Synergism between eugenol and antibiotics.
(Dosage and administration)
Eugenol (Health aspects)
Gram-negative bacterial infections (Care and treatment)
Gram-negative bacterial infections (Research)
|Publication:||Name: Australian Journal of Medical Herbalism Publisher: National Herbalists Association of Australia Audience: Academic Format: Magazine/Journal Subject: Health Copyright: COPYRIGHT 2009 National Herbalists Association of Australia ISSN: 1033-8330|
|Issue:||Date: Winter, 2009 Source Volume: 21 Source Issue: 4|
|Topic:||Event Code: 310 Science & research|
|Product:||SIC Code: 2834 Pharmaceutical preparations|
|Geographic:||Geographic Scope: Australia Geographic Code: 8AUST Australia|
Hemaiswarya S, Doble M. 2009. Synergistic interaction of eugenol
with antibiotics against gram negative bacteria. Phytomed
The terpene euganol is the main constituent of clove oil from Eugenia aromatica and is present in a number of other essential oils of medicinal plants such as Cinnamomum species. It has known antibacterial effects especially against pathogens including Escherichia coli O157:H7, Listeria monocytogenes, Campylobacter jejuni, Salmonella enterica, Staphylococcus aureus, Lactobacillus sakei and Helicobacter pyroli. It seems to exert its effects primarily by disrupting the cellular cytoplasmic membrane.
The current study was designed to evaluate the synergistic effect between euganol and ten hydrophobic and hydrophilic antibiotics against five gram negative bacteria. The strains chosen were Escherichia coli (NCIM 2931), Enterobacter aerogenes (NCIM 5139), Proteus vulgaris (NCIM 2813), Salmonella typhimurium (NCIM 2501), and Pseudomonas aeruginosa (NCIM 5029). The antibiotics used were penicillin, ampicillin, oxacillin, erythromycin, polymyxin B sulphate, tetracycline, chloramphenicol, vancomycin, rifampin and norfloxacin. All of the antibiotics tested were active against the gram negative bacteria except for penicillin, oxacillin, vancomycin and erythromycin. The euganol alone was considered to be active against the bacteria, with cell membrane damage of 50% at a concentration of 1 mM and 80% at 10 mM. It was more active against hydrophic bacteria such as P. vulgaris.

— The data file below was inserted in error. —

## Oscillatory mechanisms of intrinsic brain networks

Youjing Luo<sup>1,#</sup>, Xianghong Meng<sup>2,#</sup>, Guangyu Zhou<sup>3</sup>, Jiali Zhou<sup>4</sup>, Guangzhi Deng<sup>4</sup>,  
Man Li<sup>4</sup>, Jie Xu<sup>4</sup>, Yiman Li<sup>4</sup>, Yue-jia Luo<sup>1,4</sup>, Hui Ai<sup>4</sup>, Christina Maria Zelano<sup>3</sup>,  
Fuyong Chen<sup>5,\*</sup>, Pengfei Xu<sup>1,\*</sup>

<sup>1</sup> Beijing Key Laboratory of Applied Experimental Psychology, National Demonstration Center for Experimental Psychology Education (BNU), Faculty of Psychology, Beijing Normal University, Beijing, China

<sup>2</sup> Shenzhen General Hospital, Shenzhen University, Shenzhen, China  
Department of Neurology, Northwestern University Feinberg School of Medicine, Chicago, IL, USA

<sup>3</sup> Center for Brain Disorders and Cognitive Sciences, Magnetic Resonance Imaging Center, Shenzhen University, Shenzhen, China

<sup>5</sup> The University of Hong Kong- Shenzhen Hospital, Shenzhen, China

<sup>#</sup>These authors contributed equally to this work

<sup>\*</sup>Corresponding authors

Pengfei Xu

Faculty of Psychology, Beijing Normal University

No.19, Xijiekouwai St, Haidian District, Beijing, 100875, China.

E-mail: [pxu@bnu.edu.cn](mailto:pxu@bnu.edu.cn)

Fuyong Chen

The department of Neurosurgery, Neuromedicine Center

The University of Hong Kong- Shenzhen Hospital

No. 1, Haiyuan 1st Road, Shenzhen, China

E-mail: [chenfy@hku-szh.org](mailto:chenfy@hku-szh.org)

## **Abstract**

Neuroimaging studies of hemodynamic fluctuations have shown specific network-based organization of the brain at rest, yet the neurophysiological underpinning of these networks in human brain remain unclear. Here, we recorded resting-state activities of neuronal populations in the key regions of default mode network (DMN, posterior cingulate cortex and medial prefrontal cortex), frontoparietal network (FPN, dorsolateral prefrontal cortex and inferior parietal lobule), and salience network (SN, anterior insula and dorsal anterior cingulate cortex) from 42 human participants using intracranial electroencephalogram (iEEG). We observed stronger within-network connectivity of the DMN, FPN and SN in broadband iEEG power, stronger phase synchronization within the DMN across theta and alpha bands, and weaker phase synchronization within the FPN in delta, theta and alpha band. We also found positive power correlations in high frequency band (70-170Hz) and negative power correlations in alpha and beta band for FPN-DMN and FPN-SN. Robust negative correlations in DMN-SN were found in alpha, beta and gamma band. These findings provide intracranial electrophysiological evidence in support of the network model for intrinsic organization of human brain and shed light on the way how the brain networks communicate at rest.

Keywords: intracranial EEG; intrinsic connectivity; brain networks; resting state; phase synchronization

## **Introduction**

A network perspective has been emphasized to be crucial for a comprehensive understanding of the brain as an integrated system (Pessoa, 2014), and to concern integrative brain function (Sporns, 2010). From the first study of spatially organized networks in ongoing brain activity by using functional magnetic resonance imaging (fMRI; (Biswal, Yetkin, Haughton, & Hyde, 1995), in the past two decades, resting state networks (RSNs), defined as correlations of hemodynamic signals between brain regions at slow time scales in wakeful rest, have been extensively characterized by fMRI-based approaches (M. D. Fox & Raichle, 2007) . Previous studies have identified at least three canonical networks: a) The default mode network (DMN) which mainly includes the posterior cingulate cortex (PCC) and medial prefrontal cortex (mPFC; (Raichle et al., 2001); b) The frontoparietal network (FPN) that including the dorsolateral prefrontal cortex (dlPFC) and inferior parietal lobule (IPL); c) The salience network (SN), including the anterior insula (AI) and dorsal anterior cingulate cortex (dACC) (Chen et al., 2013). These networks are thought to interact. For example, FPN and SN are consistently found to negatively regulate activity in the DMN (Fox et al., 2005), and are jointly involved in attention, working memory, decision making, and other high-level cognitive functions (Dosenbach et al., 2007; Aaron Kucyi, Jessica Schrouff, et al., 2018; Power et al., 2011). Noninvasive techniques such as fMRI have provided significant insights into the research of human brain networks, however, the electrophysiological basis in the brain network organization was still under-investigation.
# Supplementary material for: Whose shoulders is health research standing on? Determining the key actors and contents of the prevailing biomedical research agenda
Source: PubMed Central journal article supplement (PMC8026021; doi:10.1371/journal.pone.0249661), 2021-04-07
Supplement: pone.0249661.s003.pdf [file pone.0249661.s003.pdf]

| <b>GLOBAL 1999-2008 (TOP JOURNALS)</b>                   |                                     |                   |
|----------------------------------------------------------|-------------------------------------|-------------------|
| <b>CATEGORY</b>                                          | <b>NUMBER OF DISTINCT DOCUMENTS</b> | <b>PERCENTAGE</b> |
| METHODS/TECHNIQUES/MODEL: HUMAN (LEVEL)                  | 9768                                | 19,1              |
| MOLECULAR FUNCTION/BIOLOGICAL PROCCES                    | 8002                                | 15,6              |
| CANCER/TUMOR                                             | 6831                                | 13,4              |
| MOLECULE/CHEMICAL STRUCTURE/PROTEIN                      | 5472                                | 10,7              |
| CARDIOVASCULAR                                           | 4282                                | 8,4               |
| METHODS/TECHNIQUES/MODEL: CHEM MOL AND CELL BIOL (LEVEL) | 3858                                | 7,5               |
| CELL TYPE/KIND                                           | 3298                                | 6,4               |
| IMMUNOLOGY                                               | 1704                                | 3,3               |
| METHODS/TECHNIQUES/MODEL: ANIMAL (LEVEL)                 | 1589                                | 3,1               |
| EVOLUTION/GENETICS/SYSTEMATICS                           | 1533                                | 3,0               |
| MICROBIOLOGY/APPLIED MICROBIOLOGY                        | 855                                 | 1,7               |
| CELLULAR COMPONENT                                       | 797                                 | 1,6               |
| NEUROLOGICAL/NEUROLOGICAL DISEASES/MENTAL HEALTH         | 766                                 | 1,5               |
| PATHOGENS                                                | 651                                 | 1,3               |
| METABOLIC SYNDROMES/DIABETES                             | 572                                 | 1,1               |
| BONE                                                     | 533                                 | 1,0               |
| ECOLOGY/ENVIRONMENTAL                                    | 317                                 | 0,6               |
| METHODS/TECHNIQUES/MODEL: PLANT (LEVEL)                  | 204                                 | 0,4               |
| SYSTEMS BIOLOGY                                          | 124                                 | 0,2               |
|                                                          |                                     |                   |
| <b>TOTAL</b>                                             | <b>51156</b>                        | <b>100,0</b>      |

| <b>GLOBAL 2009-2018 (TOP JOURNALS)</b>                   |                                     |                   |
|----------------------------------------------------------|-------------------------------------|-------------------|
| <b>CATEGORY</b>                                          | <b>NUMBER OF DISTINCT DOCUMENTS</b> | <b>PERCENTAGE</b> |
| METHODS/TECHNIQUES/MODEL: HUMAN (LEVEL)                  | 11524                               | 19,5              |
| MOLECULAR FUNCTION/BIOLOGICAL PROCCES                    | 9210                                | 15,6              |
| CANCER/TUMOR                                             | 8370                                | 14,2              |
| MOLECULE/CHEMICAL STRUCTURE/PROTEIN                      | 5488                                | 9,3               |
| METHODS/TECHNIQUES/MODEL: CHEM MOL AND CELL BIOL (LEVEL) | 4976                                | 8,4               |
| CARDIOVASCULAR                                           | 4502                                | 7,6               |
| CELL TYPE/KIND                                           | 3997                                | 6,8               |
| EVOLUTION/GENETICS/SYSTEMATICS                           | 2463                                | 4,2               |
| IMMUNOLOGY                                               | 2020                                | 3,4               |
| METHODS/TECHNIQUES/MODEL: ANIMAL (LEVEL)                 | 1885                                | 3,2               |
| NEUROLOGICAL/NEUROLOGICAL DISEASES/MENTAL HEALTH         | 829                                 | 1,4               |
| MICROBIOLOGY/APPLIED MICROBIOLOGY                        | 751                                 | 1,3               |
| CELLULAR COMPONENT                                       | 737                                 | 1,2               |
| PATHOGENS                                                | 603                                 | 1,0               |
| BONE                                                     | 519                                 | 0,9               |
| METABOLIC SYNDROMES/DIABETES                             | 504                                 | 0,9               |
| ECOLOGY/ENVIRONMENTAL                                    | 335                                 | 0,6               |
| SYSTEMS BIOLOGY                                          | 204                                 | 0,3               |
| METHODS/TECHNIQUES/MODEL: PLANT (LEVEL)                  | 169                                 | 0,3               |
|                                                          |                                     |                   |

When euganol was combined with the antibiotics in question there was nearly a 5-1000 fold decrease in minimum inhibitory concentration (MIC--the lowest quantity of an antibiotic that will inhibit the visible growth of a microorganism after overnight culture) of the drugs tested. Additionally those antibiotics that were non specific against gram negative bacteria became more effective in the presence of euganol. It may assist the activity of the drugs by increasing the non specific permeability of the cell or by acting on different targets on the cytoplasmic membrane, thus enhancing the damage done to the bacteria. Secondary activities at sublethal concentrations may also be possible.
Although this was an in vitro study the authors discuss previous murine models utilising euganol and extrapolate that an oral dose of 0.3 g/kg body weight is needed to achieve the necessary synergy with the antibiotics. They point out that the pharmacokinetic and pharmacodynamic values for the drugs and euganol may be different when used in combination and did not consider it prudent to extrapolate the individual drug data to combination therapy.
Tessa Finney-Brown MNHAA
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